October 26, 2020
Earth will capture a new 'mini-moon,' but it's probably just space junk

Earth’s new ‘mini-moon’ is probably just space junk from old NASA mission


minmon

Does Earth have its second mini-moon discovery in 2020? Unlikely.


NASA

Earth has one huge moon looming overhead and you might think “that’s enough moons” for us. But sometimes, wandering asteroids get a little too close to the planet and the Earth gets greedy. It’s gravitational pull captures the space rocks and keeps them within its orbit — collecting the cosmic marbles for months of years at a time.

The brief visitations by these “mini-moons” are fairly rare, with only two asteroids confirmed so far. The most recent came on Feb. 15, when tiny rock 2020 CD3 was discovered by astronomers at the NASA-funded Catalina Sky Survey. The glorious mini-moon had been ensnared by the Earth’s gravity as early as 2015 and stayed with us until May 2020 before dashing off into the cosmos again. 

But in the unprecedented year of 2020, astronomers have announced the detection of another potential mini-moon: 2020 SO. 

Except this one isn’t acting at all like a small asteroid would. Our mini-moon is no moon at all. It’s moving far too slowly for it to be rock ejected from a cosmic body. Therefore, astronomers reason, it’s probably just space junk left over from the early days of the Space Race.

The current theory, proposed by astronomers and skywatchers since the object was first detected, holds that 2020 SO is the rocket body from an Atlas Centaur-D rocket originally launched in 1966. That rocket lifted off Sept. 20 carrying the Surveyor 2 lunar lander to the moon. The dimensions and the orbit of 2020 SO, published by NASA’s Jet Propulsion Laboratory, seem to align neatly with the Centaur body.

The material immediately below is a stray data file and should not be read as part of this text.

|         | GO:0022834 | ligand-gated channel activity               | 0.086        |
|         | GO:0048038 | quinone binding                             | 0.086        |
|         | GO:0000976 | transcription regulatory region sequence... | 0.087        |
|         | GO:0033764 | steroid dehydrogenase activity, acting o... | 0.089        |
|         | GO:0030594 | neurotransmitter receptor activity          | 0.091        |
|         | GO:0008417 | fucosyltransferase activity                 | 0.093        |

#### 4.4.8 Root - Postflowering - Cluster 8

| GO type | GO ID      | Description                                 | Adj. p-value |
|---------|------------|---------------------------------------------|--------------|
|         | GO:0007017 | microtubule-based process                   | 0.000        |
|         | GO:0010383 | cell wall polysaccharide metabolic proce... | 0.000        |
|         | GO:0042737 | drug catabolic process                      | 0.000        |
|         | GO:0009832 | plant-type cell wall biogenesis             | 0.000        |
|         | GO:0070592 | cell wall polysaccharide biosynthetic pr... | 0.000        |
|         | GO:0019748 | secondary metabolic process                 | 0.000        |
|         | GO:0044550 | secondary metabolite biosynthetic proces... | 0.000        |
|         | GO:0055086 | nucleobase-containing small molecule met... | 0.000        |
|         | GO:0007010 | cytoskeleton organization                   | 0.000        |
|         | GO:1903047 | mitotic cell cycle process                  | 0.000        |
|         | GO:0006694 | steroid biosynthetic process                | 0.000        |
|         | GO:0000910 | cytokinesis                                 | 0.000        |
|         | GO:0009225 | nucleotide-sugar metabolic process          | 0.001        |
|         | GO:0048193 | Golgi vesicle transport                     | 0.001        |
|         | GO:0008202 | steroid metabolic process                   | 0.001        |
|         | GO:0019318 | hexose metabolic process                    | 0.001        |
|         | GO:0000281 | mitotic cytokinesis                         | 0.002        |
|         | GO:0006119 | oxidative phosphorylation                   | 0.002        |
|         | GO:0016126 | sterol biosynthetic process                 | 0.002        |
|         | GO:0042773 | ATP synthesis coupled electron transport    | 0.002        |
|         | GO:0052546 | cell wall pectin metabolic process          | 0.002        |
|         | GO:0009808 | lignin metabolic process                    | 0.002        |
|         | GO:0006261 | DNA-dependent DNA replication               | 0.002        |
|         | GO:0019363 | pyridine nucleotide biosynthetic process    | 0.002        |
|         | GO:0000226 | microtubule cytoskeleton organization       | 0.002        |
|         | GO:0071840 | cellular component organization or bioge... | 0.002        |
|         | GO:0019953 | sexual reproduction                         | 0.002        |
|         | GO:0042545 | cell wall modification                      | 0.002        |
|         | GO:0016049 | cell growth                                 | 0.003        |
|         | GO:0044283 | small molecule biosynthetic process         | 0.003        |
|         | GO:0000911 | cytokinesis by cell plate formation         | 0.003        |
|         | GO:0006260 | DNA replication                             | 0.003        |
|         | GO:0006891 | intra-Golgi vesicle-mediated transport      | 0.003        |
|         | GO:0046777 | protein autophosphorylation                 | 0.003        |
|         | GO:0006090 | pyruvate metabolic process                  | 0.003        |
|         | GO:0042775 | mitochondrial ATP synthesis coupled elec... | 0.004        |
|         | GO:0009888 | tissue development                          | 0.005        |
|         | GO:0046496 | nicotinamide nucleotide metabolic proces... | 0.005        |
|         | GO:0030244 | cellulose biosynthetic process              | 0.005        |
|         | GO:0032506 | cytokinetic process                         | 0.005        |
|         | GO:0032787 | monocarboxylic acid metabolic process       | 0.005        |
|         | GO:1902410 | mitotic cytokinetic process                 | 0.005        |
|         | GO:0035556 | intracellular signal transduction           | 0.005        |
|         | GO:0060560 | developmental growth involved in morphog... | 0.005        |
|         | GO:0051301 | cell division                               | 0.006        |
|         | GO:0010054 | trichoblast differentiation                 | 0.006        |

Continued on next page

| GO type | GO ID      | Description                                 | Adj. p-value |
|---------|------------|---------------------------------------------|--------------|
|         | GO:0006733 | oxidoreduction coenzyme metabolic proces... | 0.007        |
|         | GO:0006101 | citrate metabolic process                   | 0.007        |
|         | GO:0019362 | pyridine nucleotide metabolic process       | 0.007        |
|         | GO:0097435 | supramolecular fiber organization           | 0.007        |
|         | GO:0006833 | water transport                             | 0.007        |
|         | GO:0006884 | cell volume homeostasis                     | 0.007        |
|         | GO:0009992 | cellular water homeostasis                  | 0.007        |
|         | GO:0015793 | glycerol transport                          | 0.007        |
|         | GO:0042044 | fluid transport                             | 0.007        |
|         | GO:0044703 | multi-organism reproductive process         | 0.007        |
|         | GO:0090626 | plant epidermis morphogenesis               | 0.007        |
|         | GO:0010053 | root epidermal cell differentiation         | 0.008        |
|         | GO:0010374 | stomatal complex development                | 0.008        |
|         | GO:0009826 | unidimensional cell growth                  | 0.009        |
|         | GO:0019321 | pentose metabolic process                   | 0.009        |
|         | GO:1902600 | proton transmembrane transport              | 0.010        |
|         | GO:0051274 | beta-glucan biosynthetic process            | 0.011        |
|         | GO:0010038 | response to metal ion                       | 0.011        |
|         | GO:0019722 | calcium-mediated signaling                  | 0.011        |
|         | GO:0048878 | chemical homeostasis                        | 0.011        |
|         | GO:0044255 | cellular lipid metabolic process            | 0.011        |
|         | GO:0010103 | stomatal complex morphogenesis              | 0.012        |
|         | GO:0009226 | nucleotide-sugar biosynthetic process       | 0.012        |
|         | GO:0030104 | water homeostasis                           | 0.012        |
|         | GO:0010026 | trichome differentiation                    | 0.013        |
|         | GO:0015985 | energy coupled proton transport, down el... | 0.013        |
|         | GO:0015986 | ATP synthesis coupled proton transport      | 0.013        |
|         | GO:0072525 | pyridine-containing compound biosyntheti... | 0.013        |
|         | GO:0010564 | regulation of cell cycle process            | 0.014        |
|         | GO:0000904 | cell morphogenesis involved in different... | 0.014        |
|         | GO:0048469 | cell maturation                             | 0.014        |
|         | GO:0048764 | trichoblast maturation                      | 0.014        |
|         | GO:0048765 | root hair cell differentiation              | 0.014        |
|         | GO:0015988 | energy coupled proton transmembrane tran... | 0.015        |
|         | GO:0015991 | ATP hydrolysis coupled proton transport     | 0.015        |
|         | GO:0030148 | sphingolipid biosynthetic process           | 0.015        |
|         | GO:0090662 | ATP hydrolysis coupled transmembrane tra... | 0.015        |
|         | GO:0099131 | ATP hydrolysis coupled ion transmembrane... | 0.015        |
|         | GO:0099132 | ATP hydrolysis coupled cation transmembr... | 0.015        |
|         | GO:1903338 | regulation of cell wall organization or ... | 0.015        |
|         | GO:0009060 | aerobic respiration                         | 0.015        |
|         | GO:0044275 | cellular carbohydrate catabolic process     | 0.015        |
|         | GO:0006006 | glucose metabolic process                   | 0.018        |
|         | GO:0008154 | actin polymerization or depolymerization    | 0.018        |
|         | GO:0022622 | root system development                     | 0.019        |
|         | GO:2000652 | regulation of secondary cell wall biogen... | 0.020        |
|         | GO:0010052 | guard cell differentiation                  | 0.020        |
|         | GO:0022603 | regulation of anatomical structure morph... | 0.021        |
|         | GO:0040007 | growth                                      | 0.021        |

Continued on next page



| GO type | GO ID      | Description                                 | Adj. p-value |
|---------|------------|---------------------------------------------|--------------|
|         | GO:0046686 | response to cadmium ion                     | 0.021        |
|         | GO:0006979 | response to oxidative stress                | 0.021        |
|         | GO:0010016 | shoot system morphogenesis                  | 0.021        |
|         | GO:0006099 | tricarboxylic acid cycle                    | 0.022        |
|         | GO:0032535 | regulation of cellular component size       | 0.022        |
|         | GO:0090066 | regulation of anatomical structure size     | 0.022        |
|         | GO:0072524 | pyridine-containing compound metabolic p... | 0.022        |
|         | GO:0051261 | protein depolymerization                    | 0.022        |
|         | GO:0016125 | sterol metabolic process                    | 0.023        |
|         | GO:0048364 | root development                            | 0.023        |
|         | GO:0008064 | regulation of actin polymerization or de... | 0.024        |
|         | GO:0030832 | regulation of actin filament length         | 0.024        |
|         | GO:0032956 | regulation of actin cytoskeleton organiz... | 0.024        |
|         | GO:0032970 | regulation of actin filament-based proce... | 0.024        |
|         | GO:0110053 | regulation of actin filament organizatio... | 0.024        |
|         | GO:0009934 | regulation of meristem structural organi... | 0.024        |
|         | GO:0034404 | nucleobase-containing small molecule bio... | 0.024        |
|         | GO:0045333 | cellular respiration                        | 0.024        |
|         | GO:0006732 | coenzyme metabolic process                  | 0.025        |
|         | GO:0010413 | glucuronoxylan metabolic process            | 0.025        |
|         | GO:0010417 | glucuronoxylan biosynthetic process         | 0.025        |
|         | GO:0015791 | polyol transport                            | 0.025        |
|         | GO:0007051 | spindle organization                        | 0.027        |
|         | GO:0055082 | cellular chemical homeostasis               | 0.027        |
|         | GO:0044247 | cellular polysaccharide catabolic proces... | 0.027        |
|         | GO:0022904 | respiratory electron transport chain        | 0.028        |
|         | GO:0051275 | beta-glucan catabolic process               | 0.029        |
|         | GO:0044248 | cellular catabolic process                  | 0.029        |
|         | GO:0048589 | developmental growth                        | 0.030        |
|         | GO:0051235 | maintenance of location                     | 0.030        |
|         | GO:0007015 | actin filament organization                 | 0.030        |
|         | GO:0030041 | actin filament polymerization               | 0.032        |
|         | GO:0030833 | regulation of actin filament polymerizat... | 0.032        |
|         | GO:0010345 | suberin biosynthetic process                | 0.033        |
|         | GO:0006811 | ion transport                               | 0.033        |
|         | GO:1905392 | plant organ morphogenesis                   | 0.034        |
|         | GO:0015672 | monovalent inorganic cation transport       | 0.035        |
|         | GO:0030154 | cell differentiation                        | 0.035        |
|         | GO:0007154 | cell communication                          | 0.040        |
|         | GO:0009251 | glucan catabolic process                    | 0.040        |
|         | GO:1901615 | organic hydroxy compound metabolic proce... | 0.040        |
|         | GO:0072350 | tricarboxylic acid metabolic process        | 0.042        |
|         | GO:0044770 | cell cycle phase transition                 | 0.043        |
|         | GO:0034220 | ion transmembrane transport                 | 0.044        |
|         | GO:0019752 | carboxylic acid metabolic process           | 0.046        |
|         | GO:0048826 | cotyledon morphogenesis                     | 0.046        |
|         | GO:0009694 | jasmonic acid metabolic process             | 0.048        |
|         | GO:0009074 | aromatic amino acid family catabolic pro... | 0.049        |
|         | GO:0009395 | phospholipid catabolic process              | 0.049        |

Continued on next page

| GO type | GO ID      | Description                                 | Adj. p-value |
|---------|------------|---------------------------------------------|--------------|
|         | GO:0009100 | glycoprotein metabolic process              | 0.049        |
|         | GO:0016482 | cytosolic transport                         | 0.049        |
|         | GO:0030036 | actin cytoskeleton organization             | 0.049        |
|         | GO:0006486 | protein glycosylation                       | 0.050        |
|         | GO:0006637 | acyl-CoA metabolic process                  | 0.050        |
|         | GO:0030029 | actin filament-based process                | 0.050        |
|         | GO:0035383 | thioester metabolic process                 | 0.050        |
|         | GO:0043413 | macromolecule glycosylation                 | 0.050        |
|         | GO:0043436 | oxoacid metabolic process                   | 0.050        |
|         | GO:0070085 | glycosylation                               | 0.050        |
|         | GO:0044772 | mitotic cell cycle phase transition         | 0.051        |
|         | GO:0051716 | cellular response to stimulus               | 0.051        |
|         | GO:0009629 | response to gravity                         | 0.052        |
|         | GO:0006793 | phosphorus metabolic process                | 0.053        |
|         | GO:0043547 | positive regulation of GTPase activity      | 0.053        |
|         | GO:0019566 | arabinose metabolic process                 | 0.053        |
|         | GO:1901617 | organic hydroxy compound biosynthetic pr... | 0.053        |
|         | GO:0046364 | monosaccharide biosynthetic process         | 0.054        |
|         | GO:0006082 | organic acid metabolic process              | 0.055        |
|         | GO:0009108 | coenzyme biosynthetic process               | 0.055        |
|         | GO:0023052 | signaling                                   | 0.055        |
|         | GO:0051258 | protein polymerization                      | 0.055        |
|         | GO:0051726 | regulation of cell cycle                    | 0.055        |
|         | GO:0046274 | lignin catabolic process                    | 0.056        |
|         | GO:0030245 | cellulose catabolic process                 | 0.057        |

On Sunday, NASA’s Paul Chodas, director of the Center for Near-Earth Object Studies, told the Associated Press that the near-circular orbit around the sun is a little too similar to Earth’s for it to be a chunk of rock.  

The object was grabbed by Earth in October and will have its closest approach on Dec. 1, getting to within around 31,000 miles of the planet. Astronomers should be able to get a closer look at the object then, assessing its shape and the kind of light its emitting to provide a definitive answer.

If it is the Centaur stage — if it is junk — it’s still interesting junk. It’s been out, wandering the solar system for over five decades. We might be able to learn a little about the effects of space on our old rocket bodies. And while it’s not going to cause any problems for Earthlings, as far as we can tell, it does serve as a timely reminder of the space junk issue.  

Since we first began launching rockets and satellites into orbit, we’ve been polluting space around our planet. Not everything that goes up immediately comes down. There are thousands of pieces of space junk, defunct satellites and tiny chunks of garbage, circling the Earth at great speeds. A collision with a piece of junk could be devastating, blowing a hole right through a rocket or satellite. More launches mean more junk and more junk poses a much bigger risk to spaceflight, satellites and our desire to occupy space.

You don’t even have to look back more than a few weeks to see how potential issues space debris poses. On Sept. 23, the International Space Station had to make a “maneuver burn” to avoid an unknown piece of cosmic trash hurtling toward it. 



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